Why is LIBOR coming to an end?
Reference rates have many uses in the financial market and should reflect the realities of the markets, so it is very important that they are independent, respect market principles and are as universal as possible. If these conditions apply, reference rates provide reliable information to market participants and are beneficial to both parties to the contractual relationship as they cannot be influenced. As already mentioned, rates of other financial products and their derivatives have been linked to LIBOR and many lending institutions have derived their own rates from them. As much as USD 370 trillion worth of financial instruments and derivatives have been linked to USD LIBOR alone.
Source: The New York Times
However, the IBOR group’s rates, of which LIBOR was the best known and most widely used, were not guaranteed to be independent and were not based on actual transactions. It was a process whereby selected banks were asked by the rate setter to estimate how much money they were willing to lend to other banks, the highest and lowest estimates were discarded and the average of the other estimates was calculated.
Weaknesses of calculation and manipulations
This method of calculation worked for a long time, but it had weaknesses that became apparent during the financial crisis and culminated in the reform that is still underway today. Borrowing on the interbank market and between banks is one of the sources of bank lending, and interbank interest rates are one of the factors that indicate the financial health of the banks themselves. By setting these rates themselves, banks have reduced their estimates of the cost of borrowing when setting LIBOR, thereby increasing their credibility. LIBOR was thus not at all in line with what the real market situation was, as the financial crisis reduced the willingness of banks to lend without collateral.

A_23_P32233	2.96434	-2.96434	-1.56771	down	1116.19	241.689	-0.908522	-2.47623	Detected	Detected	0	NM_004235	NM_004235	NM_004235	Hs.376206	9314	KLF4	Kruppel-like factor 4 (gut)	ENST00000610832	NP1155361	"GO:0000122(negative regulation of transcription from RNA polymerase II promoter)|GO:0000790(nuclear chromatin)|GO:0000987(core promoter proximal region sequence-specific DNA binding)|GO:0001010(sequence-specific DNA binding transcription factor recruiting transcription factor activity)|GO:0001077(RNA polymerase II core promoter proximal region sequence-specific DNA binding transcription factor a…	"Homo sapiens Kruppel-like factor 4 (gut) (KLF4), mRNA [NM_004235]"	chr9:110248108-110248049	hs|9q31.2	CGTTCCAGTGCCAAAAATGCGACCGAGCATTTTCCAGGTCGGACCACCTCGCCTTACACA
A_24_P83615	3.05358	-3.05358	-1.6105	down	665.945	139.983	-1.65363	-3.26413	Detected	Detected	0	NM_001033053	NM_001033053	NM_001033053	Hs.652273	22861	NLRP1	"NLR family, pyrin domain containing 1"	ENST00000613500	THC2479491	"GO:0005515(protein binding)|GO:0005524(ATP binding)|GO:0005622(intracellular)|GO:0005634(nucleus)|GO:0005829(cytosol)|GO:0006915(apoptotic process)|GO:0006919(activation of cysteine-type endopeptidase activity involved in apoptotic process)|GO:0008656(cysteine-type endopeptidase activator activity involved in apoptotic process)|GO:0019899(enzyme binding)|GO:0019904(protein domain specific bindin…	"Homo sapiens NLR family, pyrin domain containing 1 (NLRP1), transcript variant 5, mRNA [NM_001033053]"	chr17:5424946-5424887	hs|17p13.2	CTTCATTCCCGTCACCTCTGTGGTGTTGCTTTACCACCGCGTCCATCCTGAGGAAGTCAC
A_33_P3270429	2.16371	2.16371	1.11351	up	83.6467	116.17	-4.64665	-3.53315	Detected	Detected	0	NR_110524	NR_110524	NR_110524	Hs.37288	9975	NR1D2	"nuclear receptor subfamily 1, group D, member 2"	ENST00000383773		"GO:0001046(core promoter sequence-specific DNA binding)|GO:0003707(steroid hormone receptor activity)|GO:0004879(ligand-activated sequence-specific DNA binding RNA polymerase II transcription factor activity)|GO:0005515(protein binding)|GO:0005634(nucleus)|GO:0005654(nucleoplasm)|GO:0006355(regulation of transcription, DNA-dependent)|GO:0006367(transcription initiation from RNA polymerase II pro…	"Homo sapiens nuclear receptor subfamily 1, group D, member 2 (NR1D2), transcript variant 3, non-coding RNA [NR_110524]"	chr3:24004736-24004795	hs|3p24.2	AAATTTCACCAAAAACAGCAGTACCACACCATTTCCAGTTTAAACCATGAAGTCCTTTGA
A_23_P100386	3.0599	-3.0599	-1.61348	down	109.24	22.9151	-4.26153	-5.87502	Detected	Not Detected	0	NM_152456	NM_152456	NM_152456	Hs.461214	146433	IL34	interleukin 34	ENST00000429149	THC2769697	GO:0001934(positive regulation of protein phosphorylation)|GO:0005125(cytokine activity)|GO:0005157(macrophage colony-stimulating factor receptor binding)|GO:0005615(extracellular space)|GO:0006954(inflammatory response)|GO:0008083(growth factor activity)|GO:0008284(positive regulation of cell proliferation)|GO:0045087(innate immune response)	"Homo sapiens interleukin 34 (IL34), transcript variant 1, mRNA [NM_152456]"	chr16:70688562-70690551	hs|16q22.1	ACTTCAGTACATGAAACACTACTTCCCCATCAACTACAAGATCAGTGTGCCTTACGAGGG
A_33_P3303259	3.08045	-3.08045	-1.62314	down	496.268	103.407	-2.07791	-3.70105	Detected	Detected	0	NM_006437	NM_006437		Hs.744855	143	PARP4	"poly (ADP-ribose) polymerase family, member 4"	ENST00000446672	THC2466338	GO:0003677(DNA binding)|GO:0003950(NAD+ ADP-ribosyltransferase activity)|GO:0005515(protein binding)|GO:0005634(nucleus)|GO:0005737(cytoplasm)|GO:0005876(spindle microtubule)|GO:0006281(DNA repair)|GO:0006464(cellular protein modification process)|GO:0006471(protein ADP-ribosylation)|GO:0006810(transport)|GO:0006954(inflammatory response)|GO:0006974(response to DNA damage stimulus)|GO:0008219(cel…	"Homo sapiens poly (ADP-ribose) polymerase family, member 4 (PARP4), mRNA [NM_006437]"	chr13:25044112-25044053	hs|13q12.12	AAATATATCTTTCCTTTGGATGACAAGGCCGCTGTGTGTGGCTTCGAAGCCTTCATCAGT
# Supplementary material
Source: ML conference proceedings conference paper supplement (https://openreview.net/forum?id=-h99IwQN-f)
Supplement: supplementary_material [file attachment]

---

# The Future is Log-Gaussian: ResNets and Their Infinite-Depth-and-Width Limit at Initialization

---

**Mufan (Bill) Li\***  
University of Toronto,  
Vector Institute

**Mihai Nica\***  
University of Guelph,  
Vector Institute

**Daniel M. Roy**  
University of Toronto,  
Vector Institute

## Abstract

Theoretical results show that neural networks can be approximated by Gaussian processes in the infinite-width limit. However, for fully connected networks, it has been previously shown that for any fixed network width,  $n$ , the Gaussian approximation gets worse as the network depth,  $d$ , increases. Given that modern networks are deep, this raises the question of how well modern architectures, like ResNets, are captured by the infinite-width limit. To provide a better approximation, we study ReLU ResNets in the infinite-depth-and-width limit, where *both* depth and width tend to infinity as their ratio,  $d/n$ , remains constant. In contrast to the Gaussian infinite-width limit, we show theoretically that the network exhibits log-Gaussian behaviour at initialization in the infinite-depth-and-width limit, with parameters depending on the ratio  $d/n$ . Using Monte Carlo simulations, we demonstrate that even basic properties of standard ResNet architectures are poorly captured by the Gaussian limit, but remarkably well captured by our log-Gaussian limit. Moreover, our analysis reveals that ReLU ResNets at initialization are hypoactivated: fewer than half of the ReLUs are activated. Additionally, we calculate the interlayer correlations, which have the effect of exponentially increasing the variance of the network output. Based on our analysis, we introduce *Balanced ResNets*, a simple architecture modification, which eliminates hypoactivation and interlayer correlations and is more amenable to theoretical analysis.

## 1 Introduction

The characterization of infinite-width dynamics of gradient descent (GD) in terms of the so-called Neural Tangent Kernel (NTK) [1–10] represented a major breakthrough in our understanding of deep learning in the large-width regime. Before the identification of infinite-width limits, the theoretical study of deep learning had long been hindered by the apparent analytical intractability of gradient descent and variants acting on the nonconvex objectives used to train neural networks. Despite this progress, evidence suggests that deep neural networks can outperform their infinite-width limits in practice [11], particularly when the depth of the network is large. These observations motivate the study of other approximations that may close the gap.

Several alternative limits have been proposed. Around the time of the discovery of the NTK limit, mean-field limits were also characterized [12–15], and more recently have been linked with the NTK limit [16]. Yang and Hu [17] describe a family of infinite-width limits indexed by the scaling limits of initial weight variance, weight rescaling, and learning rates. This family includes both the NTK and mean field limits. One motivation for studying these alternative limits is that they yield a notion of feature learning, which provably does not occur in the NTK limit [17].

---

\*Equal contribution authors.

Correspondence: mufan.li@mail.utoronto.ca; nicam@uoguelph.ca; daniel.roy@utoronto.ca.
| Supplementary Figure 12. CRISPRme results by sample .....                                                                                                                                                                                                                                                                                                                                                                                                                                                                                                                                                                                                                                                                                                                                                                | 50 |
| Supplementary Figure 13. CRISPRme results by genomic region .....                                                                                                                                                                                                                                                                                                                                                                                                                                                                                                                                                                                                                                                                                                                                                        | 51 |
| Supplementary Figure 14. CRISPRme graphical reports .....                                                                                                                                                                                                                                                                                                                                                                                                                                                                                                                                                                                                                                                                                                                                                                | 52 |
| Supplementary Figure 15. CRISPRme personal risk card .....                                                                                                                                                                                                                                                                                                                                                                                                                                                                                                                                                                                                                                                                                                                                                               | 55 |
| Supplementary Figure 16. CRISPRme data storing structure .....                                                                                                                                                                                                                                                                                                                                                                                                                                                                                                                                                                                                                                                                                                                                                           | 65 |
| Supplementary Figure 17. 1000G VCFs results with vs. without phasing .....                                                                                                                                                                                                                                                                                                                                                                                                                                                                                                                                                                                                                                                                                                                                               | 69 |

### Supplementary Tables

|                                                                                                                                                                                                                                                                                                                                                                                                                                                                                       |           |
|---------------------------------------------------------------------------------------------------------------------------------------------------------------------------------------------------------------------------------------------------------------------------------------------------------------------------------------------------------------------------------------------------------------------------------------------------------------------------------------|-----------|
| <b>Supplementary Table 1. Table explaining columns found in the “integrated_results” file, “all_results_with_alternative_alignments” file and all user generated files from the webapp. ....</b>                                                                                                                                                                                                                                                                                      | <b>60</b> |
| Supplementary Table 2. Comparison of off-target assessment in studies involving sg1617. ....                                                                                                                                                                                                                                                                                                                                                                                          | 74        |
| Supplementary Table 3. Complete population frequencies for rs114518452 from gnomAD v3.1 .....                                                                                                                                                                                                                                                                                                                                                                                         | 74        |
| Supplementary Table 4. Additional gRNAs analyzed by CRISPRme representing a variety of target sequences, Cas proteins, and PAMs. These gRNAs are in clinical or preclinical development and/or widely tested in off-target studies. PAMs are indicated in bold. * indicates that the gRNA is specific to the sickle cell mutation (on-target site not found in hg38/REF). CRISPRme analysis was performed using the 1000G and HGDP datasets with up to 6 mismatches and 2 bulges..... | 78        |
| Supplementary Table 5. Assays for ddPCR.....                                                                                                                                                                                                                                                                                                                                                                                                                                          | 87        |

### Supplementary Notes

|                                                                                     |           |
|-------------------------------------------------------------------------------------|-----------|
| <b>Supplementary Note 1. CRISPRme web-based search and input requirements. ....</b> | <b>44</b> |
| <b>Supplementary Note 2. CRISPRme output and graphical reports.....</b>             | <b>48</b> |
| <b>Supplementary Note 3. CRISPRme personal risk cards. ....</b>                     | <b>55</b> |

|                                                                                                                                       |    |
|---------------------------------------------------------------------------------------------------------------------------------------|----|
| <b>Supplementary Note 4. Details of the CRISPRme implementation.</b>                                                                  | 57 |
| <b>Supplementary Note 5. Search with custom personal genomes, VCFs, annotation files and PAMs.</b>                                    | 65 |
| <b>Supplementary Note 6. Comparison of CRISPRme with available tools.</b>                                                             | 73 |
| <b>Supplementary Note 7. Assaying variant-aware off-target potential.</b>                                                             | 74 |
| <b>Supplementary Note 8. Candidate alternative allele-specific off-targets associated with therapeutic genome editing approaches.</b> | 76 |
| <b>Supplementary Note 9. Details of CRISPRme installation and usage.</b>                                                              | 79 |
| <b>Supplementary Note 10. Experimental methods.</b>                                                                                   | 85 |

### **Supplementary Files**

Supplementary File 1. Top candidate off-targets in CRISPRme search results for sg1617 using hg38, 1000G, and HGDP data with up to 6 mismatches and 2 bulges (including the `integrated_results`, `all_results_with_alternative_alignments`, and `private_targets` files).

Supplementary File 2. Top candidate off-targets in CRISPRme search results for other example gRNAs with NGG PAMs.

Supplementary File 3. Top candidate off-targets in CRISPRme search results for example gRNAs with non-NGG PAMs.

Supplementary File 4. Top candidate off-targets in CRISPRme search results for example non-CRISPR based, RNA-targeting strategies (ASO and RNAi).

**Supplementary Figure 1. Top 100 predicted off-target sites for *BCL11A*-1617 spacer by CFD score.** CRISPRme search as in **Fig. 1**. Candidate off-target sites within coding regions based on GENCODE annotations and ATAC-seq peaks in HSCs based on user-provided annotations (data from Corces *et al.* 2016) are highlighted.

Source: The New York Times
The problem was also that the banks involved in setting the benchmark rates themselves had their financial instruments linked to these rates and the rates announced had a direct impact on their portfolio. Depending on the positions held by the bank, the rate quoted by the bank in the calculation was then artificially increased or decreased. Speculation about rate manipulation emerged as early as in 2008, and in 2012 rate manipulation was revealed at several large banks such as Barclays, UBS, Royal Bank of Scotland, Deutsche Bank, JPMorgan and Citigroup.